Signed for an initial £350,000, James McClean's arrival on Wearside was inconsequential. Or, at least, it was meant to be. ‘One for the development squad', told those still awaiting the right addition to Sunderland's left-hand side. The rise of McClean is a well-told story - as is the one about senior Sunderland players pleading with Steve Bruce to start the Irish youngster - but just as prominent on Wearside these days are criticisms of last year's revelation.
Ahead of the European Championships last summer, Martin O'Neill pledged that his break-out star ‘wouldn't care who the right-back for Spain was'. McClean's apparent disregard for reputation was refreshing amidst his debut season at Premier League level. One year on and McClean has a reputation of his own, not just through his playing ability, admittedly. His biggest test to date is harnessing the expectation; the element of surprise a token of what - and who - he has left behind.
It was something that Steve Guppy, the former Leicester City wing and now Sunderland coach noted this week. Speaking to the Sunderland Echo, he said:
James is a great talent, but he's going to face challenges throughout his career, like everyone else.
Last season, he was regularly knocking the ball past his full-back, racing him, beating him and putting a cross in.
This season, full-backs are getting really tight on James and working hard at denying him any space to work in.
You see him play the ball inside more now, rather than feel he has to try beating his man every single time no matter how tough it is for him.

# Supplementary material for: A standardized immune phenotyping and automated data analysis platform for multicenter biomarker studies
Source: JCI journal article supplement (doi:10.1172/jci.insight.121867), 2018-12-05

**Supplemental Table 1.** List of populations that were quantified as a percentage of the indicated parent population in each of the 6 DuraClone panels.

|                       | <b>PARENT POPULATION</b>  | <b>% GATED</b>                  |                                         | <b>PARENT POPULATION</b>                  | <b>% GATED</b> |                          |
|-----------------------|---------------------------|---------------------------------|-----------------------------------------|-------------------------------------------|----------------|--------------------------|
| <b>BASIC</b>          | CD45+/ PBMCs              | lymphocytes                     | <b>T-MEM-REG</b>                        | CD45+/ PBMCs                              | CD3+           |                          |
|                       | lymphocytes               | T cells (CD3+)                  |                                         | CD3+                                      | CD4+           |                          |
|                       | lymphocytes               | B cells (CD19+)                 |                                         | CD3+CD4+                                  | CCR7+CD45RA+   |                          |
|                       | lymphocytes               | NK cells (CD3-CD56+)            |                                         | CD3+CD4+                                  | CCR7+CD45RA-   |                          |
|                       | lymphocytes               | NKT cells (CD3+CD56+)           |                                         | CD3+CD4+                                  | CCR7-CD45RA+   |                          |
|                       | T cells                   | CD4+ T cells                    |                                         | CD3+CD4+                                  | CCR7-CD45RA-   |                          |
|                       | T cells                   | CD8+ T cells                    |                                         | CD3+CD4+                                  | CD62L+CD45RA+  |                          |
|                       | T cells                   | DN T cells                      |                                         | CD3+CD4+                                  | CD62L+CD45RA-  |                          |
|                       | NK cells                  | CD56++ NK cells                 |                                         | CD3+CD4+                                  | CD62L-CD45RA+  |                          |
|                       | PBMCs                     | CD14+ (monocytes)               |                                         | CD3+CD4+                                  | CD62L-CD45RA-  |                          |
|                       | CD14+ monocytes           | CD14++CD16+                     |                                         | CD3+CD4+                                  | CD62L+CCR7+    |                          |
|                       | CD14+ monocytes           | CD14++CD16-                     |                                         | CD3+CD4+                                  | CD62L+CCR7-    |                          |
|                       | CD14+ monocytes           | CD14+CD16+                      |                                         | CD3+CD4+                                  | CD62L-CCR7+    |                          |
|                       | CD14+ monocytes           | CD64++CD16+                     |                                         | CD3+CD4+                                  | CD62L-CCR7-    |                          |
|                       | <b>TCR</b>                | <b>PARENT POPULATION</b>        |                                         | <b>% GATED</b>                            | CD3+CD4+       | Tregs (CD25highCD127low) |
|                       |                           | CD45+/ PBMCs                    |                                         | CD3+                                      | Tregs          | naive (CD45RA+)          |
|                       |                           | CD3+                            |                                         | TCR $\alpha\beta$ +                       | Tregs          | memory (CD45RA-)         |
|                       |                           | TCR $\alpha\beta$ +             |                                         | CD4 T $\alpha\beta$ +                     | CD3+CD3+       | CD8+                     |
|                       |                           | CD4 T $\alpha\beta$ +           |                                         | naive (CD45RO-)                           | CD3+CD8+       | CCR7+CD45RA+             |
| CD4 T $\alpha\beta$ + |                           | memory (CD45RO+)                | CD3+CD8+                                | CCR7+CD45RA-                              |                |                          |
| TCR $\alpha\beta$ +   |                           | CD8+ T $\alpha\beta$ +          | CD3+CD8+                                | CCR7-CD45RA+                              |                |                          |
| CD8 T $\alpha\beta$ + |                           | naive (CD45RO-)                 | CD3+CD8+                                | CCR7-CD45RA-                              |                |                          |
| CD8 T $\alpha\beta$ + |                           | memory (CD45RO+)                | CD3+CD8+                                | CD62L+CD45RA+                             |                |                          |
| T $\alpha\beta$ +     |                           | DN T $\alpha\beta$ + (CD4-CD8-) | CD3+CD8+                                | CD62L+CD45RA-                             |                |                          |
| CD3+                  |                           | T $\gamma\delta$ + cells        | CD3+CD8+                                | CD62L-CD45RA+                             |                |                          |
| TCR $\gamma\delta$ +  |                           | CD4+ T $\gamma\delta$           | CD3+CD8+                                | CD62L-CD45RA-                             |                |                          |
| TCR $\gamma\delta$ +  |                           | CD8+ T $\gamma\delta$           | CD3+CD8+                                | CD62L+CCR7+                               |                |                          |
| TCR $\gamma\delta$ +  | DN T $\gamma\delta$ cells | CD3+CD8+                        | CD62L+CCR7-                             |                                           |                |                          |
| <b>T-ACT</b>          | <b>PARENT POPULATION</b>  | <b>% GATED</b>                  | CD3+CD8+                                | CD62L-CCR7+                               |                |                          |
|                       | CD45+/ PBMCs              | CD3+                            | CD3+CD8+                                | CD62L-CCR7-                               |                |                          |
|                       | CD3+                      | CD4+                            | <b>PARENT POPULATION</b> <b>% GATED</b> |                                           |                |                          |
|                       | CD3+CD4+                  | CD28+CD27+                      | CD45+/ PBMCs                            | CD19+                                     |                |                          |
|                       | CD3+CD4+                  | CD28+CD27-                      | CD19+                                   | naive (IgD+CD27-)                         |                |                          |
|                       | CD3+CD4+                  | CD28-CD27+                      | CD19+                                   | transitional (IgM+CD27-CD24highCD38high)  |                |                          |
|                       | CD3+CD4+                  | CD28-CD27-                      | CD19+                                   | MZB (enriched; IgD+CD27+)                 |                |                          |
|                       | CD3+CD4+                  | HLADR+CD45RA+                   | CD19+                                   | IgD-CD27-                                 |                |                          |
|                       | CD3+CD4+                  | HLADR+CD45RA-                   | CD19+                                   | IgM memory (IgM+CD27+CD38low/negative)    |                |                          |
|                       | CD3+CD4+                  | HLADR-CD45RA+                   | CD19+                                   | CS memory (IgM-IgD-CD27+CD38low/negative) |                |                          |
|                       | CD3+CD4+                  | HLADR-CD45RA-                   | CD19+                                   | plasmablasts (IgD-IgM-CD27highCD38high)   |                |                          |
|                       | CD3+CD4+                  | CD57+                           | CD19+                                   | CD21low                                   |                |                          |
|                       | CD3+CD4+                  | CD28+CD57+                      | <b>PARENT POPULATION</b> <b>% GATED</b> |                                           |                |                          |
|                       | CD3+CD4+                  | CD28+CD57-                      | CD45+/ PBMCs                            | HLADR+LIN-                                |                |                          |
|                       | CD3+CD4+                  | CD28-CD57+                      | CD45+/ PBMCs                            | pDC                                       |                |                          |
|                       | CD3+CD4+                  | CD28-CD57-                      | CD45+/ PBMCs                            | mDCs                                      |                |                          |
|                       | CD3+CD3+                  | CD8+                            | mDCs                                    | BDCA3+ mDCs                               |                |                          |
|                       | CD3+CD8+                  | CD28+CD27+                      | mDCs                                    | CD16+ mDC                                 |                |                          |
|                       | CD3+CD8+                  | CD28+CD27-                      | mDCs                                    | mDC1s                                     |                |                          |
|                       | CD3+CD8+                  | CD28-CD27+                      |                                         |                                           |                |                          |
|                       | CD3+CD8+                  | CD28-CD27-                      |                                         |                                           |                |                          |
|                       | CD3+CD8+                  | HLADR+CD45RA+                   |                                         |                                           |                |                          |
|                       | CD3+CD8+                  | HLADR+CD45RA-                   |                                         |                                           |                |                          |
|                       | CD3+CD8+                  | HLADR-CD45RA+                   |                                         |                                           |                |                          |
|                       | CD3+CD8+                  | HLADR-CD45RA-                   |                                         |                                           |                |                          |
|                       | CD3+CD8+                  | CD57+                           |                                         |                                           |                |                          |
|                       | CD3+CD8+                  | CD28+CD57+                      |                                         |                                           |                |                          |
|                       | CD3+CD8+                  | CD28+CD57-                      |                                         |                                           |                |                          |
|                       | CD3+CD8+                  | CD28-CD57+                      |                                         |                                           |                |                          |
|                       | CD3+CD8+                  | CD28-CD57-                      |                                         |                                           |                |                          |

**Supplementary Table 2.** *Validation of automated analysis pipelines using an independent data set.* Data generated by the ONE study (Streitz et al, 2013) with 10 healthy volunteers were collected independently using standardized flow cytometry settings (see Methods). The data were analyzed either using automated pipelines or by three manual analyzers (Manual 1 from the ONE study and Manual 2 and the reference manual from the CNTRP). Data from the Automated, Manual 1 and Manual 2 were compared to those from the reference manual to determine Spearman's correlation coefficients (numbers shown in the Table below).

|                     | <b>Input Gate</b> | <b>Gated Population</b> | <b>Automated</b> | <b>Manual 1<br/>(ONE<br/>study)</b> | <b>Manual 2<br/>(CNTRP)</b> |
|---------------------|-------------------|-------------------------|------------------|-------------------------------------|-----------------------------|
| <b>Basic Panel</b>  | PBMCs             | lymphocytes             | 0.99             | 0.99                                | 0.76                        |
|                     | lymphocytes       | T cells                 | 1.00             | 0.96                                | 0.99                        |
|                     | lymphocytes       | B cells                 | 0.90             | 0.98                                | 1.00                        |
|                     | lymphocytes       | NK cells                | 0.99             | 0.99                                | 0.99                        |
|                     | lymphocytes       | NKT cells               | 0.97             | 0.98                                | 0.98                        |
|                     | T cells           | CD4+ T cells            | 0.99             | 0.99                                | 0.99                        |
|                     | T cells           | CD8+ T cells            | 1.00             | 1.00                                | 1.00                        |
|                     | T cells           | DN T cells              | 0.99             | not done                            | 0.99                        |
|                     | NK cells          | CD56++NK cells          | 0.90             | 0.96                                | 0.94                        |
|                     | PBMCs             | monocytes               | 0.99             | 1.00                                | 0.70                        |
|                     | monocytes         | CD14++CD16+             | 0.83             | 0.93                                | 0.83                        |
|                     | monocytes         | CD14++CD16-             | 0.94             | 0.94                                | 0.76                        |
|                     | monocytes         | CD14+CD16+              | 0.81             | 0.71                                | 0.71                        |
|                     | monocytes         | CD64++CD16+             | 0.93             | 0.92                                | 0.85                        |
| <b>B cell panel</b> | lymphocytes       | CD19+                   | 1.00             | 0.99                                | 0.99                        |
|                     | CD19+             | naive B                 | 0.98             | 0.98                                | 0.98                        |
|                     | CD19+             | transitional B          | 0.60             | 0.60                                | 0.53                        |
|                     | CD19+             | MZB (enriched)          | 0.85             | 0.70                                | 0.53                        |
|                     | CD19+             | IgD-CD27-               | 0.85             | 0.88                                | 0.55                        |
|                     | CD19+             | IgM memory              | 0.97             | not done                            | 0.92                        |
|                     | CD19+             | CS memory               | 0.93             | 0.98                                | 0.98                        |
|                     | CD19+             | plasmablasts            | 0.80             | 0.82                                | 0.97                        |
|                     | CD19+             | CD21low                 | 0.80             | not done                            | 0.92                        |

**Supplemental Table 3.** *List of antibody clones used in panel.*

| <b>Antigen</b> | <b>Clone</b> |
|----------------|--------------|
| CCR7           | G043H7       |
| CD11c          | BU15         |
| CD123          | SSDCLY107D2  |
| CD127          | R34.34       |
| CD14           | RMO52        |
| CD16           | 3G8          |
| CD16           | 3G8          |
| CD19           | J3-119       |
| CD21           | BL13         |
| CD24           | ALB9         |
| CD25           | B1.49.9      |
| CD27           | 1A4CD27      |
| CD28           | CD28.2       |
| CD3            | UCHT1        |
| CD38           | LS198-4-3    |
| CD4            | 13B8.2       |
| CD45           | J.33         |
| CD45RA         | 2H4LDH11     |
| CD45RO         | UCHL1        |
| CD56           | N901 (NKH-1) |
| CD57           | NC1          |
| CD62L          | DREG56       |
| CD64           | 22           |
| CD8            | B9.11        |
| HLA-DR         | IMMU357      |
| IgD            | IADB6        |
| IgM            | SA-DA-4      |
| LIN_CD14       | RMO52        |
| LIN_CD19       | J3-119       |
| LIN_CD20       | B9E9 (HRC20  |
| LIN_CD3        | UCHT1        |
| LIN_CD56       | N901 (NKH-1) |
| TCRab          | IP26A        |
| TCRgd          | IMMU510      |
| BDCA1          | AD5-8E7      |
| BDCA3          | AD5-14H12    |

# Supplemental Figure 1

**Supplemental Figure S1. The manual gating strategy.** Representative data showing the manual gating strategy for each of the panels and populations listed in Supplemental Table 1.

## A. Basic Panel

The latest part of the former Derry City winger's development is not unlike Harry Redknapp's desire to see Gareth Bale deployed more centrally - an attempt to present a direct, creative player with the opportunity to do such, away from the boundary of the touchline. Sunderland's manager toyed with the idea of McClean as a right-sided option in pre-season, enabling him to cut inside and stray from the perilous double-marking tactic that nullified his impact as his spectacular first season drew to a close. Their playing styles similar, too; Bale's knock-it-and-run calling card was the Irishman's opening act on the grand stage with a Stadium of Light fearing another defeat at the hands of Blackburn Rovers. McClean's rangy and powerful frame provided a would-be weapon in O'Neill's counter-attacking system. Yet the new season has seen teams operate an almost doorman-like approach to the VIP space behind right-backs. McClean, tattooed and pale, is rebuffed.
The round-a-bout way of re-establishing McClean is to use the extra attention to Sunderland's advantage. Guppy this week suggested that "It will be harder to limit him because double-marking one player leaves other areas of the park free for us." The problem with this is two-pronged; the coach freely admits that the rest of the team is not as effective as it can be at present, and McClean does not keep the ball well enough. McClean has been dispossessed, on average, almost five times a game. He and Stephane Sessegnon lead the entire league for losing possession - a snapshot of Sunderland's unproductive attack thus far.
McClean, at present, is simply experiencing the other extreme of the spectrum, in the league anyway (he has three goals in the Capital One Cup). Having rocketed from unknown to stardom, his stock is on its way back down. But isn't this what we all expected? The inconsequential bypassed relevancy and became essential. Bale was encouraged to find the middle, McClean just needs to find a middle ground.